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Spectrum Analyzer basics

My aluminum spectrum analyzer frame post generated more interest than I had expected (thanks Lady Ada!). I've been planning a series of posts going into more detail. I'm not by any means an expert, I'm certainly no where as skilled as Scotty, who designed this model. Hopefully my relative naiveté means that I can explain things in an approachable way without leading you too far astray.

To get started, I should probably start with the concept of spectrum analysis.The idea is that we're trying to interrogate the frequency content of the electrical signals. This is in contrast to something like an oscilloscope, which analyzes the amplitude of signals over time.

There are several methods for performing frequency, or spectral, analysis.One, relatively simple, way is to collect samples and to do a DiscreteFourier Transform (probably a Fast Fourier Transform, or FFT). Many digital oscilloscopes have an FFT function, including the venerable Rigol. There are significant limitations to the FFT, however. The most significant is the Nyquist limit. This limit states that to reproduce a digitized signal, you require twice the sample rate as the highest frequency component. Similarly, to interrogate a given frequency with an FFT, you also must sample at twice that frequency.There are nuances to this, the most important being the need to attenuate signal of a higher frequency, otherwise you'll introduce aliasing (the appearance of signals that aren't really there). Hopefully, it's clear that the Nyquist limit severely constrains the span of frequencies that the FFT is appropriate. Even if you're able to afford a digital oscilloscope that can sample at high enough rates, the computational expense involved with all these DFTs limits its usefullness.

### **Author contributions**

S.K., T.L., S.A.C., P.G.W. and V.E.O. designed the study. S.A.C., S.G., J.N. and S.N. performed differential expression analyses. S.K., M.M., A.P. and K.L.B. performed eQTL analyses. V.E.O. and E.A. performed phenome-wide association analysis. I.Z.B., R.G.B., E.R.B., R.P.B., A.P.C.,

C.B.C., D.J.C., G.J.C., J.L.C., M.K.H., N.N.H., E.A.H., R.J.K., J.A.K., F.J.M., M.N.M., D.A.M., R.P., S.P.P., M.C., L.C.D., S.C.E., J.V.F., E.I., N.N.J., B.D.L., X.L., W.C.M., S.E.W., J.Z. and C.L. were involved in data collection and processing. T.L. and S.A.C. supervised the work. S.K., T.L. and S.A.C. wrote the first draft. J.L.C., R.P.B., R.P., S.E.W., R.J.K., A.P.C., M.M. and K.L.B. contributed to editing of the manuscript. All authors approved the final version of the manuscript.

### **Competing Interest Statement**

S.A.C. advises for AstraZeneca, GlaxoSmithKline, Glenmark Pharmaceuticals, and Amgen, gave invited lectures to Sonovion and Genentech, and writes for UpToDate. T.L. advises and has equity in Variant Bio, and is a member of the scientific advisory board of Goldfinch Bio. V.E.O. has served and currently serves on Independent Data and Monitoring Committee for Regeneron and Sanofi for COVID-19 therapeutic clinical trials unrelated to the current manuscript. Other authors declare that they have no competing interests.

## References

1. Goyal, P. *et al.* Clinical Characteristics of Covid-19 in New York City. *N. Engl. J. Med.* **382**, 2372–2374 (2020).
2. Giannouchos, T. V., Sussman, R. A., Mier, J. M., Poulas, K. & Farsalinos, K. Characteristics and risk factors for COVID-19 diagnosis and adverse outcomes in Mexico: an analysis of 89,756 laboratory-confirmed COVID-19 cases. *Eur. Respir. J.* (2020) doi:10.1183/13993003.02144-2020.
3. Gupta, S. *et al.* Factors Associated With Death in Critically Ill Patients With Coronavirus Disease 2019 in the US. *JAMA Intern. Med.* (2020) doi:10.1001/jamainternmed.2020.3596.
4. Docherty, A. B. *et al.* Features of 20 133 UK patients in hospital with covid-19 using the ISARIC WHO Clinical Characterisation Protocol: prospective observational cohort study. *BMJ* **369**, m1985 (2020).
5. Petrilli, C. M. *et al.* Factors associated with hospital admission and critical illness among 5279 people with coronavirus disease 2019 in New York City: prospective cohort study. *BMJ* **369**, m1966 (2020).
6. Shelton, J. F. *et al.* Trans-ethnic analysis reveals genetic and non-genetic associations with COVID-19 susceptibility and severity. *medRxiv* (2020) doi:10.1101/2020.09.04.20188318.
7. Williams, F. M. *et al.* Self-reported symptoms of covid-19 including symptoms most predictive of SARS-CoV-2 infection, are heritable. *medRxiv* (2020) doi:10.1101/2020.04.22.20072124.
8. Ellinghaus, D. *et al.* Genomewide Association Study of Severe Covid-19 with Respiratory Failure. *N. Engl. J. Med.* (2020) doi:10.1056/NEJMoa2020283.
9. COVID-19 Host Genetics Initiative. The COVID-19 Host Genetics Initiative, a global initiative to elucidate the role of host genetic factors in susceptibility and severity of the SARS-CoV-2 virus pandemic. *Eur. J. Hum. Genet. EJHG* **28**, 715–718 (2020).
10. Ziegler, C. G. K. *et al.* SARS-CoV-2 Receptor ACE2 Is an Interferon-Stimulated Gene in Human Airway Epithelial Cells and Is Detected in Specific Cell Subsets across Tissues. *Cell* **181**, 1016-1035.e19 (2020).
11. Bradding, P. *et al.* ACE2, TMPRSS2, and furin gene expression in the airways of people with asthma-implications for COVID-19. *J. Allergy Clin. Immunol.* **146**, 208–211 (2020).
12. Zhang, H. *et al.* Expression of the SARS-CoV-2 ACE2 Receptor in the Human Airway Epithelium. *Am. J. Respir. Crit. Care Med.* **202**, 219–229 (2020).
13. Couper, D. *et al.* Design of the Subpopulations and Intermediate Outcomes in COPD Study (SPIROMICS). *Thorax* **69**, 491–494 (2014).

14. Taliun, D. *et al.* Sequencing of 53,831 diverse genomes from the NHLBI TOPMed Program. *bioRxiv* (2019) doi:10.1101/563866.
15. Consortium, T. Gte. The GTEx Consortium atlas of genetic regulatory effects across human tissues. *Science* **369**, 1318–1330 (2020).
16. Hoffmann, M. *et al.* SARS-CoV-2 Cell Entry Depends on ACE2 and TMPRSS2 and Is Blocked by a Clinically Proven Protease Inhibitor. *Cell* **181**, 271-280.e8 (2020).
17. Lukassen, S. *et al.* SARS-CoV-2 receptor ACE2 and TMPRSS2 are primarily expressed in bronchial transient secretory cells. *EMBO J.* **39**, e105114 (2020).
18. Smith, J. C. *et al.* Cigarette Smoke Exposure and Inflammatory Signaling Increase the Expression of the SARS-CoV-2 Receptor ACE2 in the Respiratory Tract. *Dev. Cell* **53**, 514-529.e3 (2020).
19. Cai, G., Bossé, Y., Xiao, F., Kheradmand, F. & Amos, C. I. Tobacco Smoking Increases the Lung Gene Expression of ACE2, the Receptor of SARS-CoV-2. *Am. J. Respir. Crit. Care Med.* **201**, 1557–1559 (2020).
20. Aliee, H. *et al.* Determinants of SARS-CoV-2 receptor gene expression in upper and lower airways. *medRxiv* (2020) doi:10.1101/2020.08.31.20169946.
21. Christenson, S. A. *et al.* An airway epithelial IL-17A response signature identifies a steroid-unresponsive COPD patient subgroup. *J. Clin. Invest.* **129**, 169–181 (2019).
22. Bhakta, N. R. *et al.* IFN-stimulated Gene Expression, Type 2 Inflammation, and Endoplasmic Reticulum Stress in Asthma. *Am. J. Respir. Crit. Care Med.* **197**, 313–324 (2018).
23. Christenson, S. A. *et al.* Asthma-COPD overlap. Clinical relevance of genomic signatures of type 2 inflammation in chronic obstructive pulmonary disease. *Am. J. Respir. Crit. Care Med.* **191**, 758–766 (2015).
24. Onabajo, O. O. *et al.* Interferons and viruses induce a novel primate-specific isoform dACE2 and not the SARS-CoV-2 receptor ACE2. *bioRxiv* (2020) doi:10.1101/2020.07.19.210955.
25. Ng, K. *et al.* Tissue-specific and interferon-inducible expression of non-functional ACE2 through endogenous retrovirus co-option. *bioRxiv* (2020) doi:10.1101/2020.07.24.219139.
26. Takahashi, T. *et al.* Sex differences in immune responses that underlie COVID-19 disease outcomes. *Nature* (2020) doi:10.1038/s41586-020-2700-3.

The alternative to the DFT is the heterodyne. The core idea of a heterodyne is the modification of the frequencies in a system through non-linear mixing. Essentially, if you add two signals you get the sum of the power of each for every frequency component in each signal. I know that's a mouthful, but hopefully the

Scotty's spectrumanalyzer design


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